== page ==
This is the kind of thing that one almost doesn’t want to write about, because a paranoia sets in about whether favorable coverage in right-leaning media might just shine “the wrong kind” of spotlight on a production, and put the writers under pressure to “fix the problem.”
And Tom Selleck’s ensemble-cast crime show, Blue Bloods, is not really a conservative production, despite being centered on a family with the surname “Reagan.” (One imagines some of the pitches at CBS: “hey; it’s an Irish name; these are Irish cops. Whaaaaattt????”) We’re in the third season of Blue Bloods (which you can see tomorrow night on CBS at 10:00 p.m., IIRC) and the show is pulling down really solid ratings as a character-driven series—but one in which the characters are trying to do the right thing according to a moral code. And not just in their jobs, noir-boy, but in their personal lives as well. I’m not surprised in the least that the show is successful, but I’m astonished that it made it past the pitching stage, despite having some heavyweight names attached to it.
A lot has been made of the fact that the Reagan family always has Sunday dinner (generally at the home of the dual family patriarchs, New York Police Commissioner Frank Reagan and his father, former Commissioner Henry Reagan, played by Len Cariou) at least once per episode. The “dinner scene” doesn’t always happen toward the end of the show; sometimes it’s more pivotal to the plot, and it often involves the two commissioners comparing notes with their offspring and grandkids: a Harvard-grad rookie cop (Will Estes), an Assistant DA (Bridget Moynahan), and a seasoned detective (Donnie Wahlberg). There are always four generations around the table. And yet, the sheer stubbornness of a family willing to have dinner together every week no matter what—the normalness of it, and the sweetness—has led some to compare this family of law-enforcers to The Waltons. Which—yes. And no.
I’ve made the Waltons comparison myself, but this production is in some ways the mirror image of a mafia show. I realized I thought that even before I knew some of its developers had also been involved in the making of The Sopranos (including writer Robin Green), and before I figured out the significance of the show’s leitmotif, with the New York skyline reflected in the water in one of its rivers. This is a family that is close-knit and mutually supportive. It has to be; it’s part of a subculture of people who are often misunderstood by outsiders. And one can cheer them on with less ambivalence than most of us felt about Tony Soprano.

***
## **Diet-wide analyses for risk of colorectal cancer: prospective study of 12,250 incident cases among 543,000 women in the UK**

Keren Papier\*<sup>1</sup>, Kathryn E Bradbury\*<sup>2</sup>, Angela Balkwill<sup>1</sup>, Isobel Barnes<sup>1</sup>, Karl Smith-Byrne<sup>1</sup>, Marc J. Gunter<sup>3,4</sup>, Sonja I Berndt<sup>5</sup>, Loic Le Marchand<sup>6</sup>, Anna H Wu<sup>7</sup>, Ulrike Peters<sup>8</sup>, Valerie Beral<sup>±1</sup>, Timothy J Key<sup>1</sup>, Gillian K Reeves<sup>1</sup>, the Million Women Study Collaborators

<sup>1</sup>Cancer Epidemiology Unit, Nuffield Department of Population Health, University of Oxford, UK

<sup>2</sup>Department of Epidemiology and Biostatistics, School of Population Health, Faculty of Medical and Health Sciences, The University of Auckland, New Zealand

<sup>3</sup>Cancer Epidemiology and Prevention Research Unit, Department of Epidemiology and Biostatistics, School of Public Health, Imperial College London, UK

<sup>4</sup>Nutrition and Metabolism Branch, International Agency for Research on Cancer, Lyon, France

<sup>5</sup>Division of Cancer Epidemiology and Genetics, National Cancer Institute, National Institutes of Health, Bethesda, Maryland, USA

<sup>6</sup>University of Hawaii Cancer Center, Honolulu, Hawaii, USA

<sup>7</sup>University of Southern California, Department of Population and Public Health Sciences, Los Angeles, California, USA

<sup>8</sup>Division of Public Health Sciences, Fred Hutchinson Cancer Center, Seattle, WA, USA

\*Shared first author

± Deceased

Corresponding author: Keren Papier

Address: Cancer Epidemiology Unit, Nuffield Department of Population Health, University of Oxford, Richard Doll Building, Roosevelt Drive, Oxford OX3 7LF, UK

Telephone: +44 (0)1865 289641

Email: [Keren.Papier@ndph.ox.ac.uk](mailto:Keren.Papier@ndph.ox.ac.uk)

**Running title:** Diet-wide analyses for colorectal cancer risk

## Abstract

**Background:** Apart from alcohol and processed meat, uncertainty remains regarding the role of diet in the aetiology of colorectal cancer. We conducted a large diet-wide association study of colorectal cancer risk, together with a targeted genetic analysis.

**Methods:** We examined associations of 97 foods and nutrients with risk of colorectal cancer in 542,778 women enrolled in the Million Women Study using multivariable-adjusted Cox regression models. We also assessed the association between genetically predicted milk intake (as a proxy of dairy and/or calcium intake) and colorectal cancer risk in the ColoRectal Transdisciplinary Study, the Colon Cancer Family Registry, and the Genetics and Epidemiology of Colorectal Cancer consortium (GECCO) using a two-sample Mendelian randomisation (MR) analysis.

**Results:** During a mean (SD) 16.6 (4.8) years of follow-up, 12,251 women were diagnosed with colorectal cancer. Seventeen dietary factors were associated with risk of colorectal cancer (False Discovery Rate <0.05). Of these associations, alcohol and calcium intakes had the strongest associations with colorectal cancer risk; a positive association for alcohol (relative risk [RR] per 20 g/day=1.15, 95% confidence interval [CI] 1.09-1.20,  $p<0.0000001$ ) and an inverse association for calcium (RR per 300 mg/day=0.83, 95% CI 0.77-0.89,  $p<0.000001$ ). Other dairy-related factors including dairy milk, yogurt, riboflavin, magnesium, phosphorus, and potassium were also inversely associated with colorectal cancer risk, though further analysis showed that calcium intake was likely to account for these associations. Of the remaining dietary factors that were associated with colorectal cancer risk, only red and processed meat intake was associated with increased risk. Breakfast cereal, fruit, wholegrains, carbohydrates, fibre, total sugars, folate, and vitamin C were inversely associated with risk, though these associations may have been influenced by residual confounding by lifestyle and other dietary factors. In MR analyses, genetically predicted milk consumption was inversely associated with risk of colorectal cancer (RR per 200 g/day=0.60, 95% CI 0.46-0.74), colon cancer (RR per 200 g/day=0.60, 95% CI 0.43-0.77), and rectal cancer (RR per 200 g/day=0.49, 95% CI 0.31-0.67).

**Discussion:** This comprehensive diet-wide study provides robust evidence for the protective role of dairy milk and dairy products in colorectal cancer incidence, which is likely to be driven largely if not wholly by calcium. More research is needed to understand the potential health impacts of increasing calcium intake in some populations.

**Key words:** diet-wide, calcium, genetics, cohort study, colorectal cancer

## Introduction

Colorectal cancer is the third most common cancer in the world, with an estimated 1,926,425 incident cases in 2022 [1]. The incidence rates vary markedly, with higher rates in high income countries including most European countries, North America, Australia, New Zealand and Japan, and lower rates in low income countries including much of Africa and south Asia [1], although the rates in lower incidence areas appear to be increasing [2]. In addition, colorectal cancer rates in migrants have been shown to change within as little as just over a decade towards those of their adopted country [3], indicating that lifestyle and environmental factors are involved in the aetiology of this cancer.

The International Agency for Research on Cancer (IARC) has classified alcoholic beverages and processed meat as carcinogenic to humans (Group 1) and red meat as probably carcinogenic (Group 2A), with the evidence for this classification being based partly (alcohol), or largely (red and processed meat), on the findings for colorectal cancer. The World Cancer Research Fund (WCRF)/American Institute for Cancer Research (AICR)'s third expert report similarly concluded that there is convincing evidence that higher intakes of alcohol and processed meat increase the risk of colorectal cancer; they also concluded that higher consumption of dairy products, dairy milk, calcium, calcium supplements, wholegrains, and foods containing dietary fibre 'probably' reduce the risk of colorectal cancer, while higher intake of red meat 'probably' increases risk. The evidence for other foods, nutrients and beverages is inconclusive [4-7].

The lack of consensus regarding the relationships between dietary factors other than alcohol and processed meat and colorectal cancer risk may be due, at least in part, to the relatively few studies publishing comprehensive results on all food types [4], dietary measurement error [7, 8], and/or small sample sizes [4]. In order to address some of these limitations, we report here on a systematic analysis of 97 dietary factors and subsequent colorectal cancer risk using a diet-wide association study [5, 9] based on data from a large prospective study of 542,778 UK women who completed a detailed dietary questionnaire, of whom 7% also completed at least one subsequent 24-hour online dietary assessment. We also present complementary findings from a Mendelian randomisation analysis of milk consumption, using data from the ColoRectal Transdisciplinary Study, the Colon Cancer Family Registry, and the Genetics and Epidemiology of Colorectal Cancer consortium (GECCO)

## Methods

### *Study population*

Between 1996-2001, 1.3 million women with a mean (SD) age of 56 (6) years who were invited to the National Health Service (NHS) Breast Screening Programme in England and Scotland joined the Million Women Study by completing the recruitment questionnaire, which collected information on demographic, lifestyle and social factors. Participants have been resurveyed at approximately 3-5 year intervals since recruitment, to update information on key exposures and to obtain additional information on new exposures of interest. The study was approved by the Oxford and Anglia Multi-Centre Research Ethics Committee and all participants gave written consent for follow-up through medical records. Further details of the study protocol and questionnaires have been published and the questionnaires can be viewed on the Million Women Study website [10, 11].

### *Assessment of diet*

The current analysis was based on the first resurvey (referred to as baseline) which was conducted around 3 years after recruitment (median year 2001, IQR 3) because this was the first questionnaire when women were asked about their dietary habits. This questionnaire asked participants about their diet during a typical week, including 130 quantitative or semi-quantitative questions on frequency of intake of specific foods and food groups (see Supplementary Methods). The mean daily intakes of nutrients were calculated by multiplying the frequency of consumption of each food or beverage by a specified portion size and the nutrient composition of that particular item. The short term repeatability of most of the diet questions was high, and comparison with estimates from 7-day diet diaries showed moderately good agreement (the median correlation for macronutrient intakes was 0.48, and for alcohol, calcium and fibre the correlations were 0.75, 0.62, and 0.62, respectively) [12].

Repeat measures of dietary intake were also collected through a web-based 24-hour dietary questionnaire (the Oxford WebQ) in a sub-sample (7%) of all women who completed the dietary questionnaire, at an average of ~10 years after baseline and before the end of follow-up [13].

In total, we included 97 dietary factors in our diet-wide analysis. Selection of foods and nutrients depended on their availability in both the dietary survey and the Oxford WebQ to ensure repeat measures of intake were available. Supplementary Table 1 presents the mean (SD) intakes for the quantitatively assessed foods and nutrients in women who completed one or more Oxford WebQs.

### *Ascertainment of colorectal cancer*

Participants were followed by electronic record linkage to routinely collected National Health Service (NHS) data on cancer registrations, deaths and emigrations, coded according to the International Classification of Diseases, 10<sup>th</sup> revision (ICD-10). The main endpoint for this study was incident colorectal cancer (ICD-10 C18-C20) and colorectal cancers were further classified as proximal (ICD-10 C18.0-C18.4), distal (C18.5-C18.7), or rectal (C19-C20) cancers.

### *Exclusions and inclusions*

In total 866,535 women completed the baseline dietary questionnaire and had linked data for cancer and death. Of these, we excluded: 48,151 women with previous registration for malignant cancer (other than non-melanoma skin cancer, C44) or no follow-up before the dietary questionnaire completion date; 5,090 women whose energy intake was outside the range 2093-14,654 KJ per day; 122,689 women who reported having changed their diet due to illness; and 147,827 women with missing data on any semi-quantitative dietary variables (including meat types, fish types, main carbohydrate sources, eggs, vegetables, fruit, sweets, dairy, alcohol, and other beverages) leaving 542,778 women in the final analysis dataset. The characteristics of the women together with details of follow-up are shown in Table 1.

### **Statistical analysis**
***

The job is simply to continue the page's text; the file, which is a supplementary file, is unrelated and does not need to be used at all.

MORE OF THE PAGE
When talking about the show, the cast, crew and writers explain that people were tired of creating narratives about “anti-heroes,” and wanted instead to tells stories about real heroes. And they are heroes: Frank Reagan served as a Marine, fought in Vietnam, and buried his wife and one son—killed in the line of duty as a New York cop. His son Danny is also a former Marine, and served in Iraq. Danny has lost several police partners over the years to the mean streets. Erin has had to pick herself up after a failed relationship in order to raise a now-adolescent daughter—who is threatening to become a police officer rather than an attorney, as her mother would prefer.
This is not a Republican show; it’s a show about affirming basic middle-class morality, which even my liberal friends quietly condone (however reluctant they are to preach out loud what they practice). The violence is kept pretty muted, despite the 10:00 p.m. airtime—because this is about doing what most people want done: bringing a modicum of order into a chaotic world. The series sets out to remind us which way is up—or at least tell us that it’s worth figuring out and working toward.
And Blue Bloods is shot in New York, which makes it feel much realer (not that I don’t like seeing L.A. locations that are familiar to me used in “New York”-based productions, but it certainly takes one out of the moment).
And how did I happen to learn about this show? Well, I was complaining mightily that there was very little on network television that I was willing to watch: bad characters, bad dialogue, bad badness. I wanted a new crime show, I complained. And I said it in front of my mom, who told me Tom Selleck was in his second season in a crime drama that she sort of liked, about a crime-fighting family.
And I found it, with the help of my research assistant, Mr. Internet.
I’m trying to make it easier for you guys. Go. Now.
(This entry was originally written in the fall of 2011 for Conservative Commune; it has received minor edits for its appearance in Victory Girls.)